Boichik Bagels makes the best bagel in the East Bay, and I don’t say this lightly.
Granted, there isn’t a ton of competition. At this point, most folks point to Baron Baking, Beauty’s Bagels, or Authentic Bagel Company as their choice for morning carby goodness. For years, I didn’t hesitate in naming Baron as my go-to in all of California. Boichik is a game-changer.
Boichik officially debuted at September’s Eat Real Festival. Alameda’s Emily Winston had been working on her bagel recipe for seven years in the hopes of recreating New York’s most famous bagel.
Winston grew up in New Jersey surrounded by good bagels, but every so often, her father would make a pilgrimage to New York City and return with something from H&H Bagels. When Winston moved out to California for grad school at UC Davis, she stopped eating bagels and instead looked forward to H&H-filled visits back home.
“It just had the most delicious flavor to me,” she said. “It was perfectly chewy … and particularly sweet.”
But in 2011, H&H closed. Where was Winston going to get that perfect bagel?
With zero experience cooking or baking, Winston decided to bring her favorite bagel back to life. Many failed experiments later, Winston landed on a process that includes a pre-fermentation period and slow retard in the fridge for up to 24 hours. And then she boils and bakes them, unlike commercial brands out here such as Noah’s Bagels.
For now, this is all done out of her home kitchen via a cottage food license. She is only just getting Boichik off the ground after trying to determine whether there is even demand for a super-premium bagel in the Bay Area.
If Eat Real was any indication, the answer is yes.
“People were crazy about them,” she said. “Even picky New Yorkers didn’t have anything bad to say.”
I’ve never tasted the original H&H bagel, so I can’t say whether Winston has achieved a true replica. But compared to other East Bay bagels, Boichik bagels taste significantly sweeter and more malty. With a smaller frame and tighter texture, it also boasts a great chew and blistered crust — untoasted, of course. There is no need to toast a bagel this good.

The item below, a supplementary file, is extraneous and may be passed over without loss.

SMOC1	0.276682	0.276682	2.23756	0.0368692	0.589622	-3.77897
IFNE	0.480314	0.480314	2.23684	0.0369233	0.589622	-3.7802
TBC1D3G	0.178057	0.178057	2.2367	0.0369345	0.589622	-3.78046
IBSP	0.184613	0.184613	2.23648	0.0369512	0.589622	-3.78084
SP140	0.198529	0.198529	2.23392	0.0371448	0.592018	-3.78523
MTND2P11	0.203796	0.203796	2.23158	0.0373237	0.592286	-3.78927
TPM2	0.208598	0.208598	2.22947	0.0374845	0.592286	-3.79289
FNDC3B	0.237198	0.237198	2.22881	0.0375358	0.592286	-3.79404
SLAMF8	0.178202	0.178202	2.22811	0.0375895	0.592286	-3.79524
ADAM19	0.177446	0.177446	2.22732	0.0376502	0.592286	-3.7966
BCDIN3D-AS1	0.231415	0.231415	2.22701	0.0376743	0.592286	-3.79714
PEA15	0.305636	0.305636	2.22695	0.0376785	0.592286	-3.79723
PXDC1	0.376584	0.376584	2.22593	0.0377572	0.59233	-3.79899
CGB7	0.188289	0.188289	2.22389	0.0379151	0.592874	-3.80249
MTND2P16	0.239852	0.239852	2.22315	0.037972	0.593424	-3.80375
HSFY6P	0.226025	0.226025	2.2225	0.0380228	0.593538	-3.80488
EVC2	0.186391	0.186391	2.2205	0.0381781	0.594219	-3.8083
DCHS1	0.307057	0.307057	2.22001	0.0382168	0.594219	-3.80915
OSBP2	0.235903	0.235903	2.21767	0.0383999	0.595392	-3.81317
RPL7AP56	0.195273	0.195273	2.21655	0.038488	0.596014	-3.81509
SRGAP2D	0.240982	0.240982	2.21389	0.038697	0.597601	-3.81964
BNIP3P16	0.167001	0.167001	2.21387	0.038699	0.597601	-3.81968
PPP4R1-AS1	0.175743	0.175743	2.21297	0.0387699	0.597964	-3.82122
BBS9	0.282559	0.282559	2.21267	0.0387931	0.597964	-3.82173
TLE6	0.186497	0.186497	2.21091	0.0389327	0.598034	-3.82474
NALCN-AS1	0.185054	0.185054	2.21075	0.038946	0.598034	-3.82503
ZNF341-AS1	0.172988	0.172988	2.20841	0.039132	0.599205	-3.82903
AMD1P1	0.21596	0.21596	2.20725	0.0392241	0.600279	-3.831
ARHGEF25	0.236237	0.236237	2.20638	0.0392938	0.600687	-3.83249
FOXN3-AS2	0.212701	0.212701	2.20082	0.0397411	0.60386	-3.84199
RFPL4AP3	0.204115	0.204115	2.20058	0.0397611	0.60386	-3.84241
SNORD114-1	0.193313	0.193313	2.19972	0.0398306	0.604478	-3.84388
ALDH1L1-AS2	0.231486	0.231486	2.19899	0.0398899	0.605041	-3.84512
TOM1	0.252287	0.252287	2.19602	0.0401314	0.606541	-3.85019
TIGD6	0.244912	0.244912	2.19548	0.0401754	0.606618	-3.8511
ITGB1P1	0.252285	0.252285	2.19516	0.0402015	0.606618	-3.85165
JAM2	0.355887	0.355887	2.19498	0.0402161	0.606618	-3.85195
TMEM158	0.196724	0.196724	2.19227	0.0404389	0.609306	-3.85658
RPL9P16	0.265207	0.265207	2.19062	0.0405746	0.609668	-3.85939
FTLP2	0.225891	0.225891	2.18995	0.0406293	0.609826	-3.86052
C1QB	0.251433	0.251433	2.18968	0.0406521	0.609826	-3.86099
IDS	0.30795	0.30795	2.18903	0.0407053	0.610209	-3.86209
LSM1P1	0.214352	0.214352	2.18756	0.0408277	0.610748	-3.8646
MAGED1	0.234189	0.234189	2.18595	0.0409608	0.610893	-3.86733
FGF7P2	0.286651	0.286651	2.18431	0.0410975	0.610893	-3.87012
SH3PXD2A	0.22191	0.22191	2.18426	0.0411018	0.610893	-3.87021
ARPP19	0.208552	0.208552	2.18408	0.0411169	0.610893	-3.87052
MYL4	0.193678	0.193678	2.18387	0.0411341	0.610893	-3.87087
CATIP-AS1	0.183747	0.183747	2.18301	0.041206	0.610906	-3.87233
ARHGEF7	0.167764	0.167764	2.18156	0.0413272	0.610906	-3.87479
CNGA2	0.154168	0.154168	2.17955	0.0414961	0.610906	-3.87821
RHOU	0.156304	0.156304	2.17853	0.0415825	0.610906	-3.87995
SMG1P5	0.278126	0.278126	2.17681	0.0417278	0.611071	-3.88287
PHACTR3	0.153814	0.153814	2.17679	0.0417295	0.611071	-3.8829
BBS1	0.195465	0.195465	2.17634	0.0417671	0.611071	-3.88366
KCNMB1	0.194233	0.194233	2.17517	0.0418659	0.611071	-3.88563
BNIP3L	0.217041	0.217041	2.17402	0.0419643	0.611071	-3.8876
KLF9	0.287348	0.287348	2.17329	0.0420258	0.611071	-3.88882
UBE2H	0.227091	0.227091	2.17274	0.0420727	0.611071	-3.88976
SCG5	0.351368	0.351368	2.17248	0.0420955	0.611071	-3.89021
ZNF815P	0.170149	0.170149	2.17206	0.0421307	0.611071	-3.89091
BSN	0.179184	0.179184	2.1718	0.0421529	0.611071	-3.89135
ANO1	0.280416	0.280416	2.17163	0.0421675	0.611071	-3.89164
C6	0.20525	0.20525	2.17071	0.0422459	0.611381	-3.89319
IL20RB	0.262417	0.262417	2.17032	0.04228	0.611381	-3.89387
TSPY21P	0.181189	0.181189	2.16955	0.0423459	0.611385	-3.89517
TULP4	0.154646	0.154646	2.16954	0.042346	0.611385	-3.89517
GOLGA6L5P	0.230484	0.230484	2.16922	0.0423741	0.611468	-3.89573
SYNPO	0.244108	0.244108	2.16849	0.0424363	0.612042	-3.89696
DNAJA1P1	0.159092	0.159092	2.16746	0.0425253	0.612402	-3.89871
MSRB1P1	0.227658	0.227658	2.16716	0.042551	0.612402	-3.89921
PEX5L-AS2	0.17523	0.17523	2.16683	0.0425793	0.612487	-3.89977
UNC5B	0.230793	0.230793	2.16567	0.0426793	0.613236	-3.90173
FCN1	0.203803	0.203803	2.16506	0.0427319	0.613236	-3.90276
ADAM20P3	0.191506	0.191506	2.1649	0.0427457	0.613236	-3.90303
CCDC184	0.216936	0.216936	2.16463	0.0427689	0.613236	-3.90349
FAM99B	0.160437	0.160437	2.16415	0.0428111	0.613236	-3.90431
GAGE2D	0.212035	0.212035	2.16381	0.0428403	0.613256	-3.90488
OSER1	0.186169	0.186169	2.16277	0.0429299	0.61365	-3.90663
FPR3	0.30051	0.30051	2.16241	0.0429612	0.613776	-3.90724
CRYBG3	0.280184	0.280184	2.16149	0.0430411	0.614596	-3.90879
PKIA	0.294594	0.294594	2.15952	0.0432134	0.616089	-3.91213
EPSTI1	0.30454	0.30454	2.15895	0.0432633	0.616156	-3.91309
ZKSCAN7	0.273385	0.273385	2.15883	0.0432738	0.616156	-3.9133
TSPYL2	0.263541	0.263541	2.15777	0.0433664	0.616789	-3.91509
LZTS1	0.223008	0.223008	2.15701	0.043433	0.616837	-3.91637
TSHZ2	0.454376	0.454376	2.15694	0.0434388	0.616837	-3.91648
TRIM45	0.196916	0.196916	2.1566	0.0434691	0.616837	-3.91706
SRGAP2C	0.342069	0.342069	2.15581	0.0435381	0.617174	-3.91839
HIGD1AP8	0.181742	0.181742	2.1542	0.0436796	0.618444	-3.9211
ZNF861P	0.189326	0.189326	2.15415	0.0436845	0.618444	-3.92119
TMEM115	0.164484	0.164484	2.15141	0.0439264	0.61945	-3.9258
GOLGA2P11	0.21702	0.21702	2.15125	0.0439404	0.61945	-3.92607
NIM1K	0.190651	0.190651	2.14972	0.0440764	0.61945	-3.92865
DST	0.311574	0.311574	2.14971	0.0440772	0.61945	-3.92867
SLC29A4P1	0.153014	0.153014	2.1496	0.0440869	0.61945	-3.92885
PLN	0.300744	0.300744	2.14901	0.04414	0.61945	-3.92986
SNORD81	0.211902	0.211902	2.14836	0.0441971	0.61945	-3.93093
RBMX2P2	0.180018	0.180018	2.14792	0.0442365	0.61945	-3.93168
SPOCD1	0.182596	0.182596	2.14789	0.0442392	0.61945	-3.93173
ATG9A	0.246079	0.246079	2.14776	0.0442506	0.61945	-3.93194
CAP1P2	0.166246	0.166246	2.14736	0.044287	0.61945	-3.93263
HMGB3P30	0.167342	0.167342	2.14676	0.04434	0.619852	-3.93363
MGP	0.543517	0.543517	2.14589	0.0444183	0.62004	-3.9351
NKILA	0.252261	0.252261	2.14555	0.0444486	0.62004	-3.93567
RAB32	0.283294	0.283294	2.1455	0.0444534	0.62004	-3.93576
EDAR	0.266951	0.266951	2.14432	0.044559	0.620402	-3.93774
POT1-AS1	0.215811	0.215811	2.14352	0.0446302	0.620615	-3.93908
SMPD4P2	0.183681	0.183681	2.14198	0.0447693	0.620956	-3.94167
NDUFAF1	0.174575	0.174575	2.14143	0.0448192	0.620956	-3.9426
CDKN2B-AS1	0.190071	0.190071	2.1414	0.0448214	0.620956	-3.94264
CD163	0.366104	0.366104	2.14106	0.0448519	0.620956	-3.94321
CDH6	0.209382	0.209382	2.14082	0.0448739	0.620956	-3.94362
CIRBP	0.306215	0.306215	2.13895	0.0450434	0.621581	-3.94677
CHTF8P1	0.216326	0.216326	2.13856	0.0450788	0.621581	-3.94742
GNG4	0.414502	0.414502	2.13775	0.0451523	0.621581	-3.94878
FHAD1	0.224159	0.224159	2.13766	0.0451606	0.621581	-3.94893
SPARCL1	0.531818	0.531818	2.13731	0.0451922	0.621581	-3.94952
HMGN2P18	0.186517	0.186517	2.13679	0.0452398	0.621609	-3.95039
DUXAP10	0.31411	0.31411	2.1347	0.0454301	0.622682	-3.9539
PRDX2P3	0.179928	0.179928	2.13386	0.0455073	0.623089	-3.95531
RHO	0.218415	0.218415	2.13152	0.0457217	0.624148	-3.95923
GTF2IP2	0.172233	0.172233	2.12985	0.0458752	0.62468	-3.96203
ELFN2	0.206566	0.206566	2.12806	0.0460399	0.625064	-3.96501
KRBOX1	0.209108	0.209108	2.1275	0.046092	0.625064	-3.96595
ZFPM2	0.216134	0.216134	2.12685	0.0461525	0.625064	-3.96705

The only wrinkle is that Boichik doesn’t have a shop yet, nor any wholesale clients, nor a real bakery where Winston could produce some real volume. For now, interested parties should sign up for Boichik’s mailing list at BoichikBagels.com to receive information on future pop-ups and delivery opportunities. Fair warning: At $3 a pop, these are pricier than other bagels in the region.
Winston’s big vision, though, would bring something very new to the local bagel scene. She wants to open a brick-and-mortar, but it would only be secondary to a large-scale delivery service similar to a CSA — only this
would be CSB, as in “community-supported bagels.” Folks would create an account online and set up a recurring order, such as a dozen bagels with cream cheese every other Sunday.
“New York brunch in a box, delivered to your doorstep,” Winston said.
Ideally, she’d cover the entire Bay Area out of one central facility — because San Francisco doesn’t have a bagel this good, either.